There are many shades of hydrogen. If green or electrolytic hydrogen is the goal and grey is where we are today, what are the prospects for blue and turquoise or blue-green hydrogen? With blue hydrogen, the idea is to add carbon dioxide (CO₂) capture to conventional steam-methane reforming processes. They are the ones that produce the grey hydrogen that is mostly used for fertilizers, petroleum and chemical processes.
For tonnage applications in the UK and elsewhere, a role for blue hydrogen is recognised in the national hydrogen plan. In North East England, for example, there are sources of natural gas, via pipeline, offshore CO₂ storage or sequestration facilities and a local network of actual or potential chemicals and high temperature heat users. With a well-structured regulatory framework, this is a clear win for fossil fuel hydrogen – although there is one cloud on the horizon. It concerns fugitive or upstream methane emissions.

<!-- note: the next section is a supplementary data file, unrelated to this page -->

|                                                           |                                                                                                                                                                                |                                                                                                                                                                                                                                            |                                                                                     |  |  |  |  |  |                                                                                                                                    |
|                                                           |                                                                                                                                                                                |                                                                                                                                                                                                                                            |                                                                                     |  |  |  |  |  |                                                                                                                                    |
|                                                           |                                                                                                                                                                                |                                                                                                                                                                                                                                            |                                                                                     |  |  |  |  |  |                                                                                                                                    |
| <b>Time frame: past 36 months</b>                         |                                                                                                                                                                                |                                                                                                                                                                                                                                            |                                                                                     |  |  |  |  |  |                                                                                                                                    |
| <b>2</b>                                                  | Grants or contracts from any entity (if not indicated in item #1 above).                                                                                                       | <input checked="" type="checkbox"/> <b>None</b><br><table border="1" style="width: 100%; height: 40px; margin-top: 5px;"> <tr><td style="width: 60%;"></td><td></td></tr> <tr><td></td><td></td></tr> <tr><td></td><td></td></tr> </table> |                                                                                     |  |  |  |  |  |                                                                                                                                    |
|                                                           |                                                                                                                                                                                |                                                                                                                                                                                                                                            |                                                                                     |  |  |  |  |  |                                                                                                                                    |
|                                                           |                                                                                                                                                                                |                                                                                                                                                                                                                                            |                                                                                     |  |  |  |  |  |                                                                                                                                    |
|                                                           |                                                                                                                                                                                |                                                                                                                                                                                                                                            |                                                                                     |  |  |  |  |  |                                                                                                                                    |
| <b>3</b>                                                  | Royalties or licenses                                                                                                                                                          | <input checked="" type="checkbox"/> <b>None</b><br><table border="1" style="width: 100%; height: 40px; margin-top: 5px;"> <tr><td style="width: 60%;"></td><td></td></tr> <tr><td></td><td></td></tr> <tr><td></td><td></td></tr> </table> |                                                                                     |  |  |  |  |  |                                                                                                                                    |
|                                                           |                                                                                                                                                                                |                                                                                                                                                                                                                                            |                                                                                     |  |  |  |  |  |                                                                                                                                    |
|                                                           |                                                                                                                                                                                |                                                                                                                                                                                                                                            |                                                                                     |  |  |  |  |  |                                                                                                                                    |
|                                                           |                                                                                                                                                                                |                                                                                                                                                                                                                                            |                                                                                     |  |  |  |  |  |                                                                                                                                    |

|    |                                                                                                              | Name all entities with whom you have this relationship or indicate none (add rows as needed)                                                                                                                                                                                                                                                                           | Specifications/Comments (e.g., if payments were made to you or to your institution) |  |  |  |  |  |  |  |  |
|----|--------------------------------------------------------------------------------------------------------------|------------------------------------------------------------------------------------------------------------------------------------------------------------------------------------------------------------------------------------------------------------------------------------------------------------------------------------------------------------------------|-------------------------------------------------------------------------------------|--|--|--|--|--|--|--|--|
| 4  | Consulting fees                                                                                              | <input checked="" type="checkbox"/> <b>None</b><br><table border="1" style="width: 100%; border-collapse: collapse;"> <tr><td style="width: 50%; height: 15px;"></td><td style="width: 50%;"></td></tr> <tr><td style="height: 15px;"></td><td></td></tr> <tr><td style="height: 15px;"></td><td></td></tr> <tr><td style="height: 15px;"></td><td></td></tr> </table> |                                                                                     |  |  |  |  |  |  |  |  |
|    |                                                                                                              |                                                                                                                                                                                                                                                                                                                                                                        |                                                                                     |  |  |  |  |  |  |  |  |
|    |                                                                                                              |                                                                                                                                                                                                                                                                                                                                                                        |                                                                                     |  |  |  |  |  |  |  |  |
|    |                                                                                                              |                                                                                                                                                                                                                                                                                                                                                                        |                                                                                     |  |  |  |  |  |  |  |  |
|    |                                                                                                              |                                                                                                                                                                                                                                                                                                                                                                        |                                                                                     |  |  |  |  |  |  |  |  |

A recent paper from Cornell University claims that blue hydrogen may be worse than gas or coal. On closer inspection it seems that, from a European viewpoint, the American assumptions about leaks and cycle efficiencies are too pessimistic and blue hydrogen should be seen as a low-but-not-zero emissions hydrogen source.
Another possibility is to compress and flash the resulting CO₂ to liquid and transport it to collection hubs by trucks, trains or ships. This broadens the reach of blue hydrogen and overcomes the apparent lack of accessible, large-scale gas fields that are suitable for sequestration.
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